GOP Can't Make Up Its Mind About Abortion

Abortion has been a divisive issue in the U.S. ever since the Supreme Court, in an act of legislating from the bench, somehow found in the Constitution a “right” to abortion.

Even liberal Supreme Court Justice Ruth Bader Ginsburg criticized this decision:

Ginsburg, who died in 2020, criticized the 7-to-2 decision both before and after she joined the high court. She argued that it would have been better to take a more incremental approach to legalizing abortion, rather than the nationwide ruling in Roe that invalidated dozens of state antiabortion laws.

Instead, the Roe decision, 50 years ago, went against the Tenth Amendment as abortion was not mentioned in the Constitution:

The powers not delegated to the United States by the Constitution, nor prohibited by it to the States, are reserved to the States respectively, or to the people.

Last year, the U.S. Supreme Court set the record straight in the Dobbs ruling, returning the decision to the states via their people or elected representatives,

The Constitution does not confer a right to abortion; Roe v. Wade and Planned Parenthood of Southeastern Pennsylvania v. Casey are overruled; the authority to regulate abortion is returned to the people and their elected representatives.

Some states jumped at the opportunity. My state of Colorado has no limits on abortion, allowing it from conception until birth. Last week Ohio passed a more limited right to abortion via Constitutional amendment, with no restrictions up until fetal viability, around 22-24 weeks of pregnancy, or later if necessary “to protect the life or health of the mother.”

Not defined is “health” of the mother. Physical health? Mental health? Emotional health? These will be decided on a “case by case basis”, probably without much thought or scrutiny.

What did SCOTUS say in Roe v. Wade? Was it unlimited abortion or were there restrictions? Here is the Roe decision:

In the first trimester of pregnancy, the state may not regulate the abortion decision; only the pregnant woman and her attending physician can make that decision. In the second trimester, the state may impose regulations on abortion that are reasonably related to maternal health. In the third trimester, once the fetus reaches the point of “viability,” a state may regulate abortions or prohibit them entirely, so long as the laws contain exceptions for cases when abortion is necessary to save the life or health of the mother.

After last week’s elections, the left is giddy and the establishment Republicans are worried, particularly over their party’s stance on abortion. They cite the Virginia legislature turning Democrat due to Governor Glenn Youngkin’s proposed 15-week limit on abortion with exceptions for rape, incest, or life of the mother.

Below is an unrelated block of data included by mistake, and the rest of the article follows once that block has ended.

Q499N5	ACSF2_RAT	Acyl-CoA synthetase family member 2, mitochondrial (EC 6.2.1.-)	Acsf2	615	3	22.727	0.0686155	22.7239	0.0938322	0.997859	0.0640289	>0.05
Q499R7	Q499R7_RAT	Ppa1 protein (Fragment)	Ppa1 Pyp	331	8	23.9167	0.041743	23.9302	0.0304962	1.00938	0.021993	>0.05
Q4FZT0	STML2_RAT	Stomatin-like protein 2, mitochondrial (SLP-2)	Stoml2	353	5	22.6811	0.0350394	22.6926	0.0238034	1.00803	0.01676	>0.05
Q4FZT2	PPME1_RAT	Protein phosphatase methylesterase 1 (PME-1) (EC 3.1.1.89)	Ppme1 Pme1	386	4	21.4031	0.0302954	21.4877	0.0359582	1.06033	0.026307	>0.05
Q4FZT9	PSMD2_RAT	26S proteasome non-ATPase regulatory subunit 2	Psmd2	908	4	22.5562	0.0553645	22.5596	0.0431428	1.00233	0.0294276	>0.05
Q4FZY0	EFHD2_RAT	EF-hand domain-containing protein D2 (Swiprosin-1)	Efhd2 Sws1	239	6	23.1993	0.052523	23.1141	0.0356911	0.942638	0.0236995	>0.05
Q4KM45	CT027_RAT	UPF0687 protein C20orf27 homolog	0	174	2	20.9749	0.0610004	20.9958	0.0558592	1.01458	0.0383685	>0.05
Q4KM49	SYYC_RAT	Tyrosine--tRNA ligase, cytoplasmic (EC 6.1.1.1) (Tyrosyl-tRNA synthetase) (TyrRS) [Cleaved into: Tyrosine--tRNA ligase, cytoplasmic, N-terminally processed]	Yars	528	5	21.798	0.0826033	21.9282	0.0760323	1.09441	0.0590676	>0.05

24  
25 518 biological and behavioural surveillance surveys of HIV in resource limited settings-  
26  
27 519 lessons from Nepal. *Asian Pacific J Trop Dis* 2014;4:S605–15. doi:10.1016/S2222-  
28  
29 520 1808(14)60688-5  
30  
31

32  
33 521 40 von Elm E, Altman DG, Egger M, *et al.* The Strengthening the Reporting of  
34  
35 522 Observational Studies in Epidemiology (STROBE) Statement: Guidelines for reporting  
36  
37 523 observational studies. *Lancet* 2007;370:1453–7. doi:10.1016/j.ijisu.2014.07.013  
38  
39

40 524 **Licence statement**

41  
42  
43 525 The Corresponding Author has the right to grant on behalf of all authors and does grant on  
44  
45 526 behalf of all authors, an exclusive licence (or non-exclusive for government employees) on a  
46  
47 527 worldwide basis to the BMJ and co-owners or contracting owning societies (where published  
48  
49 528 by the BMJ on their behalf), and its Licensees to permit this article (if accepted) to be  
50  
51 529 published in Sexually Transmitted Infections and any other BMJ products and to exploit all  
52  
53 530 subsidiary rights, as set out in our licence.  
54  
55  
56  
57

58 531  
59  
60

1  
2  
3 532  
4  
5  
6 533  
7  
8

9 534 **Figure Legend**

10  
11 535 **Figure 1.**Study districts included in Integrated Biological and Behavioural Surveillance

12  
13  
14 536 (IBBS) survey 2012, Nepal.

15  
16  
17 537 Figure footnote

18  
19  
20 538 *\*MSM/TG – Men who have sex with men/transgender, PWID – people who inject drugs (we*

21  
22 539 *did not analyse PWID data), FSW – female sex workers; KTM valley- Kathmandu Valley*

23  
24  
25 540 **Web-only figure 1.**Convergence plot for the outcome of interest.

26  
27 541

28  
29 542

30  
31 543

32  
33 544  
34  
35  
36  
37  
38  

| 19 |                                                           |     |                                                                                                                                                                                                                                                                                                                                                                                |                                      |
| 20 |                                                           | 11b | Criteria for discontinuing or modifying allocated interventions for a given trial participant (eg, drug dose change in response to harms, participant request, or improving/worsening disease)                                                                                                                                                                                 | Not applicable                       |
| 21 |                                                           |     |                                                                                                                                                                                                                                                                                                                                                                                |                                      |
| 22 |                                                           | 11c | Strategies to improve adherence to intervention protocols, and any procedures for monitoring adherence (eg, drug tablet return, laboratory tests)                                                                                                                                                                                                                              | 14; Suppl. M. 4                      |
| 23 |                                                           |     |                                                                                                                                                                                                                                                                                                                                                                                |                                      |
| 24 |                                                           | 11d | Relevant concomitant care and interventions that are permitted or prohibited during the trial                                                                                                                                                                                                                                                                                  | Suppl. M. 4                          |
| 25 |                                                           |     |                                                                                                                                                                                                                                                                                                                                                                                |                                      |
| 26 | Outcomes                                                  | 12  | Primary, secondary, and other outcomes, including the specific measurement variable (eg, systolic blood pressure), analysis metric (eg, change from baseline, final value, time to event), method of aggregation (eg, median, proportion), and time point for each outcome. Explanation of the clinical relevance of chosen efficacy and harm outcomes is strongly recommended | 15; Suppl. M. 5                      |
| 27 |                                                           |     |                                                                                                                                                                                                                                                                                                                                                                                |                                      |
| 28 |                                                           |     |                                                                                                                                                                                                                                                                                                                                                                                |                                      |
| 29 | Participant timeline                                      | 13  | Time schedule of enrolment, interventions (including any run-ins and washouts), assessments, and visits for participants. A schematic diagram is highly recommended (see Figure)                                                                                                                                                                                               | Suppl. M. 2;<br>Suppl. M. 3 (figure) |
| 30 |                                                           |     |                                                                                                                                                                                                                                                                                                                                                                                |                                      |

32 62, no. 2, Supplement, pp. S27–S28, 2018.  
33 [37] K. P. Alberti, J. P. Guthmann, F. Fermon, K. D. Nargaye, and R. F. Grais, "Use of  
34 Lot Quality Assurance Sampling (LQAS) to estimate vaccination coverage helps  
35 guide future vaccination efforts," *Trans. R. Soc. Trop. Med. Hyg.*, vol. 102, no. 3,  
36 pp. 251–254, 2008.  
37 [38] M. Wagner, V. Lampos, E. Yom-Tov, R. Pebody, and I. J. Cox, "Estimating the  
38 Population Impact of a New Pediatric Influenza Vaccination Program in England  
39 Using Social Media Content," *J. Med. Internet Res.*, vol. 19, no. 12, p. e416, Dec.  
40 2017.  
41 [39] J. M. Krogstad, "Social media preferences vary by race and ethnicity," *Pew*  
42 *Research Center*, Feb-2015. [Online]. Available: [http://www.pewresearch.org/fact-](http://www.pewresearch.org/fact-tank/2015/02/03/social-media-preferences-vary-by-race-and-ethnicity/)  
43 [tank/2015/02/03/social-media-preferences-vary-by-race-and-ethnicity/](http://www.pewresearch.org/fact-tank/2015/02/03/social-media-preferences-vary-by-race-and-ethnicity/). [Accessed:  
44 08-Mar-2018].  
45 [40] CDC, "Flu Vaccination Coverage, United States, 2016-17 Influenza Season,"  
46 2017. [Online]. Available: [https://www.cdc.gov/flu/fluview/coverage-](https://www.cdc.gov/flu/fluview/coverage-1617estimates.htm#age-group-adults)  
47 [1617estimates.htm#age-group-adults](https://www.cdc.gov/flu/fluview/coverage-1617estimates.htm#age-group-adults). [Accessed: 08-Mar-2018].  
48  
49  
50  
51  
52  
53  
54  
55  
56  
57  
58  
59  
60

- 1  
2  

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The defeated Virginia proposal is not much different than the Roe decision which Democrats wanted left in place. Virginia previously limited abortion to the first 26 weeks and the ballot proposal would have changed that to 15 weeks, basically the first trimester.

Democrats, as usual, dominated the messaging: “Liberals ran ads attacking ‘MAGA extremists’ who want to ban abortion. Never mind that Mr. Youngkin proposed a prohibition at 15 weeks with exceptions.” Democrats also outspent Republicans by at least two to one.

RNC Chair Ronna McDaniel also declined the Virginia GOP’s request for funds to match the DNC spending. Perhaps some additional spending would have overcome the few thousand vote loss. One wonders if the RNC elites are actually pro-abortion?

National Review, taking a pause from Trump bashing, insists that the Republicans must compromise on abortion, taking more of a Democrat position. They tout presidential candidate Nikki Haley’s push to find a “national consensus” on abortion, and that the GOP should not push for federal abortion ban.

Good luck finding a “national consensus.” The Democrats want no limits while the Republicans want sensible limits or no abortions at all. What’s the middle ground?

Virginia was voting on a “middle ground,” Roe-like limits. This wasn’t a federal ban, despite media gaslighting. A federal ban would never pass the current Congress and a Democrat president, so the concept is a nonstarter. It is also contradictory to the spirit of the Dobbs decision, which turned abortion over to each individual state.

The country is divided and it’s either a compromise or continuous battle that Republicans will in most cases lose based on the narrative. The left accuses Republicans of wanting to ban all abortions and jail any woman who had one. The media piles on and Republicans say nothing in response, leaving Democrats to define the issue.